From an emotional perspective, it can be difficult to end the cycle, and for many that simply means letting go of the relationship and pursuing a divorce, according to Psychology Today. In a codependent relationship, you, as the spouse shouldering the responsibility, need to build up their self-esteem and relearn how to say “no.”
You need to begin to do things for yourself and make yourself the priority. During the divorce process, your soon-to-be ex-spouse may make an emotional plea, asking for a level of leniency or asking for special treatment in aspects related to alimony or custody, but part of starting a new life for yourself and letting go of a codependent relationship is thinking more of yourself than the person you have been carrying does.
It is understandable wanting to help someone, especially if it is someone you love or once loved, but it should not be at the cost of your own self-worth. You should not be in the relationship if you are confident that if you were to end it, the other person would not be able to survive on their own. As much as you may want to do the right thing for that person, they have shown throughout your relationship and marriage that they would not be willing to do the same, making them the perpetual victim in their own eyes.
They may look at your desire for a divorce as a selfish act, and while putting yourself first in this instance may appear to them as selfish, it may be the first instance in a long while where you are putting your happiness, your future, and your health first in a long while, which is something that should occur in relationships moving forward.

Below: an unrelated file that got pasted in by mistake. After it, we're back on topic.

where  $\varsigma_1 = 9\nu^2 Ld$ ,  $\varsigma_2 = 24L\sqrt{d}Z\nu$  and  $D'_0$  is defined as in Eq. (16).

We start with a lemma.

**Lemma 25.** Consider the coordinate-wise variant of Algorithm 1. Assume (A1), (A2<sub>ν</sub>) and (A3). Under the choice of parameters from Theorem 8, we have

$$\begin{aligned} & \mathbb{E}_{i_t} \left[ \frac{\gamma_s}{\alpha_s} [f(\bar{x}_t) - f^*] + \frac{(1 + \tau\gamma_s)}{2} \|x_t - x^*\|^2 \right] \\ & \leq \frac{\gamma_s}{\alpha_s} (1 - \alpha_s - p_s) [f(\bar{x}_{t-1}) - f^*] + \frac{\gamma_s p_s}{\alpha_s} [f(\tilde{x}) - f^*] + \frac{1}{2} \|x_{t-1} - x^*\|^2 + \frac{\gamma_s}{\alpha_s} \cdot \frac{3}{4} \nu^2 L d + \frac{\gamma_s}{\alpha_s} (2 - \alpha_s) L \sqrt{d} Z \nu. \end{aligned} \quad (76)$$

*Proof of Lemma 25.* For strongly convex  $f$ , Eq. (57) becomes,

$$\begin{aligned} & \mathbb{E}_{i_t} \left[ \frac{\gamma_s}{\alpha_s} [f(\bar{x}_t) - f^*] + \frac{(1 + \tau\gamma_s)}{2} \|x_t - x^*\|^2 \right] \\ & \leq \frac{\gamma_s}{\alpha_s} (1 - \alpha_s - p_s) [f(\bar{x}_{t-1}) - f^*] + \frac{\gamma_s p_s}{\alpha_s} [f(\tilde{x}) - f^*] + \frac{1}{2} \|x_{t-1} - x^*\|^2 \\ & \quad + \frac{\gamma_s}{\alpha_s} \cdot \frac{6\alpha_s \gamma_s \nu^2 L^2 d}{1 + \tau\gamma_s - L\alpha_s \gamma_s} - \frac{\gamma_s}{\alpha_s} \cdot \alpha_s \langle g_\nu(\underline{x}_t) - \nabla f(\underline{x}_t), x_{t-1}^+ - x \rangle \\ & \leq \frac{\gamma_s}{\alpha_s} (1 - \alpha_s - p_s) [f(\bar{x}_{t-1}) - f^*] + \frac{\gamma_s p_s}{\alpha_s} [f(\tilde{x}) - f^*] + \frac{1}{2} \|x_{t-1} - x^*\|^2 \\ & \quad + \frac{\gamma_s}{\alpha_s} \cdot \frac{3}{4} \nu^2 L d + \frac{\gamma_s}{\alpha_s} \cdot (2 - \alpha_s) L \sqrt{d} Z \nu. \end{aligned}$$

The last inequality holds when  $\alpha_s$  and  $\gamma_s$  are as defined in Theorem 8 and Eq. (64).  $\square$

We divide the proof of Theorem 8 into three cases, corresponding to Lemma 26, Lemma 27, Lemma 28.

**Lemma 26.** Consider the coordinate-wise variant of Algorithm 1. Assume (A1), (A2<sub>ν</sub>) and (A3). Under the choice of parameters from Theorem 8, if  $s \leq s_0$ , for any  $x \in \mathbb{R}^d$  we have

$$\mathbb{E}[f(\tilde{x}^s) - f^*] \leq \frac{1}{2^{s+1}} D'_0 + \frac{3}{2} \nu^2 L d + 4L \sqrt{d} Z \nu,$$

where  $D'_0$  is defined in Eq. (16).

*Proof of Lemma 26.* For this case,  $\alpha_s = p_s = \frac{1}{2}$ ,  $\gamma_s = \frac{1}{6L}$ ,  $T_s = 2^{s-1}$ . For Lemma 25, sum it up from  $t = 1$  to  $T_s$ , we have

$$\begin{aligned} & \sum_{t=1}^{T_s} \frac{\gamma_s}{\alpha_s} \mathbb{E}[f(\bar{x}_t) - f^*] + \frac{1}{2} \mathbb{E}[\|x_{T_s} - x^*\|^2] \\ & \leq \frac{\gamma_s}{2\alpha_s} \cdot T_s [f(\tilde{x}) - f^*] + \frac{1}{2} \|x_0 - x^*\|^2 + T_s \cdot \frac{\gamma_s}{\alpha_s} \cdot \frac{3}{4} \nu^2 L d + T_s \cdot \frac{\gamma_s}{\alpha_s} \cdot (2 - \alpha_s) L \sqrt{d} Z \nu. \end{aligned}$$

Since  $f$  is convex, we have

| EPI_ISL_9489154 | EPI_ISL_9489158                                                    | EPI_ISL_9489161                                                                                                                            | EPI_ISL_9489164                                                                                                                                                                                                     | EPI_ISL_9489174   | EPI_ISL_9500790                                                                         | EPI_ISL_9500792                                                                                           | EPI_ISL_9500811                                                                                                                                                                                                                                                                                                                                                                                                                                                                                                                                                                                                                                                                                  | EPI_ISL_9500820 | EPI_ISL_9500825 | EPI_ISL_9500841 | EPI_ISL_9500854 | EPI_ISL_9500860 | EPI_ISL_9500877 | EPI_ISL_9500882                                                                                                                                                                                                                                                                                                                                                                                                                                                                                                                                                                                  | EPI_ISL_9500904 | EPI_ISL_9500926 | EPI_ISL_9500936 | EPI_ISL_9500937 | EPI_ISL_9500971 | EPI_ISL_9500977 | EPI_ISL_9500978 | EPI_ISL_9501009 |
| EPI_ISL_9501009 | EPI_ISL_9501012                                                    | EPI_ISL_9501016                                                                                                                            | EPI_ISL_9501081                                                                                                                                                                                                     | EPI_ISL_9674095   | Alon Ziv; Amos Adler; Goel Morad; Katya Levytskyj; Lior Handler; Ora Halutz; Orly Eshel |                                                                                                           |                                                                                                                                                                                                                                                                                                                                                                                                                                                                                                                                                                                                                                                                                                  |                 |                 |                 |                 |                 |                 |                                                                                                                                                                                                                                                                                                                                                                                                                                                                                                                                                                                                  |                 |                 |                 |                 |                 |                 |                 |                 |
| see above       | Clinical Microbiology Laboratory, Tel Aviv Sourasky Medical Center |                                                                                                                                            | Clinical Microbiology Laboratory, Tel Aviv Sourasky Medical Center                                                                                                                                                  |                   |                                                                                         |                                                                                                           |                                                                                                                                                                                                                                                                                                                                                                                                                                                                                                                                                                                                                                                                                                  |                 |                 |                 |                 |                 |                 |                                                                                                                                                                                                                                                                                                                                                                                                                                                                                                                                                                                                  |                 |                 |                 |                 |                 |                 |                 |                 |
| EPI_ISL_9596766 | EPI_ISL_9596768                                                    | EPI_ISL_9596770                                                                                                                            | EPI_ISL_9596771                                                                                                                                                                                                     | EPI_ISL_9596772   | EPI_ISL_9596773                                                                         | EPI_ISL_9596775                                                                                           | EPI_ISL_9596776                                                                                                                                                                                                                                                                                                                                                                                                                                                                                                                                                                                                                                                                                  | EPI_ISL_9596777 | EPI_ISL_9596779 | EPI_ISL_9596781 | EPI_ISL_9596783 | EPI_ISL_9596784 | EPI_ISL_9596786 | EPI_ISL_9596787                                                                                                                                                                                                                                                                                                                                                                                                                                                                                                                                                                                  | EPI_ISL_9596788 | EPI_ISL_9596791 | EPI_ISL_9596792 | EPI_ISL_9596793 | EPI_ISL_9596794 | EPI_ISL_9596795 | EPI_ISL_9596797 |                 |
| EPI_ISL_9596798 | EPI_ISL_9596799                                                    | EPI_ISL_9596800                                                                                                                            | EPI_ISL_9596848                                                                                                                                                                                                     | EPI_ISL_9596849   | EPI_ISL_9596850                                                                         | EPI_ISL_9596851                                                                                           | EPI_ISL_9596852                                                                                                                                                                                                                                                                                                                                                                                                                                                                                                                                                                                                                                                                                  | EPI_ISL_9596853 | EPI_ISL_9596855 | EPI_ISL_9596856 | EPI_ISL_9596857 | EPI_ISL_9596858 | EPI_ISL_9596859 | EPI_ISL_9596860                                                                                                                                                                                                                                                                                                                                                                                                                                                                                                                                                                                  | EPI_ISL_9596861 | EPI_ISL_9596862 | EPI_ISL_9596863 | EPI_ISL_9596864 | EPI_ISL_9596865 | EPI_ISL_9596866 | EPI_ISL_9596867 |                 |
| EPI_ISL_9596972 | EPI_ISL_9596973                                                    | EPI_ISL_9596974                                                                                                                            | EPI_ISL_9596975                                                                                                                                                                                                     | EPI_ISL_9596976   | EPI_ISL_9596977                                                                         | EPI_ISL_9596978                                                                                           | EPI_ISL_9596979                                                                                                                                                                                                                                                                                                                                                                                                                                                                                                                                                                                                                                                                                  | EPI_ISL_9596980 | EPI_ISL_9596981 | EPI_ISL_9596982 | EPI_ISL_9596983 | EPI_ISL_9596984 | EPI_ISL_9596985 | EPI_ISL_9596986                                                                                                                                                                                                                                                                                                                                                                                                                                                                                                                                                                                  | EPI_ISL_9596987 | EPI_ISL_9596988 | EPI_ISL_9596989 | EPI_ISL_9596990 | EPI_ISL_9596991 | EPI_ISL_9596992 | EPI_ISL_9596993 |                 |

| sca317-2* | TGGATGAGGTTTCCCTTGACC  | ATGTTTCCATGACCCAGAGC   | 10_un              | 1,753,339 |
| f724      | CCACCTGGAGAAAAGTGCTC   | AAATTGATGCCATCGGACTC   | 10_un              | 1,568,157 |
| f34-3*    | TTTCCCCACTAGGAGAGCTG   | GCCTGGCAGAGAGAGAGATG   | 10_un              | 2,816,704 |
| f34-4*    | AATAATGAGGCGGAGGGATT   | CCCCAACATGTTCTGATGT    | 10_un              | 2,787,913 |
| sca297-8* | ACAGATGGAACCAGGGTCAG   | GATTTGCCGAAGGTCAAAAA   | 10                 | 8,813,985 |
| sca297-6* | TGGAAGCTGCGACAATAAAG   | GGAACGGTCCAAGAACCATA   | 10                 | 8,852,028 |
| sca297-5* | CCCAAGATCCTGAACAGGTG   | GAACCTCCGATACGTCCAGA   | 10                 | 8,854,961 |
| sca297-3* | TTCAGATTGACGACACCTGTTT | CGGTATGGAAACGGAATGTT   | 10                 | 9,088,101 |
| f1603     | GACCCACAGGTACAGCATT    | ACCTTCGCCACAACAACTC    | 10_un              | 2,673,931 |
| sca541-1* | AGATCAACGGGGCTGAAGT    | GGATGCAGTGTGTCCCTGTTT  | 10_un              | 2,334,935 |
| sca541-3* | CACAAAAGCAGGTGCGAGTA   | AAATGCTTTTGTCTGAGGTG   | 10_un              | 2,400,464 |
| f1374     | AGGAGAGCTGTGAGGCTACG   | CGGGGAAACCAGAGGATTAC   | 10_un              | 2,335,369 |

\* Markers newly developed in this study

It should never be one-sided. Both spouses need to be able to carry the weight. You also cannot let a previous codependent relationship define your relationship life.
You should not be afraid to enter another relationship, but you should understand that you need to be in a healthier situation. You need someone in your life who can pull their own weight and not bring you down. They should not be someone that you have to fix up or that relies on you for their every emotional need.
You also should not seek out a fixer-upper. It is important to break the cycle and not fall back into a codependent relationship after a divorce. While these sentiments may be seen as a tight rope, putting yourself first in your future dating life after a divorce is a priority that will benefit your health and happiness in the long run.
Dan Pearce is an Online Editor for Lexicon, focusing on subjects related to the legal services of customers, Cordell & Cordell and Cordell Planning Partners. He has written countless pieces on MensDivorce.com, detailing the plight of men and fathers going through the divorce experience, as well as the issues seniors and their families experience throughout the estate planning journey on ElderCareLaw.com. Mr. Pearce has managed websites and helped create content, such as the Men’s Divorce Newsletter and the YouTube series, “Men’s Divorce Countdown.” He also has been a contributor on both the Men’s Divorce Podcast and ElderTalk with TuckerAllen.
Mr. Pearce assisted in fostering a Cordell Planning Partners practice area specific for Veterans, as they deal with the intricacies of their benefits while planning for the future. He also helped create the Cordell Planning Partners Resource Guide and the Cordell Planning Partners Guide to Alternative Residence Options, specific for seniors with questions regarding their needs and living arrangements.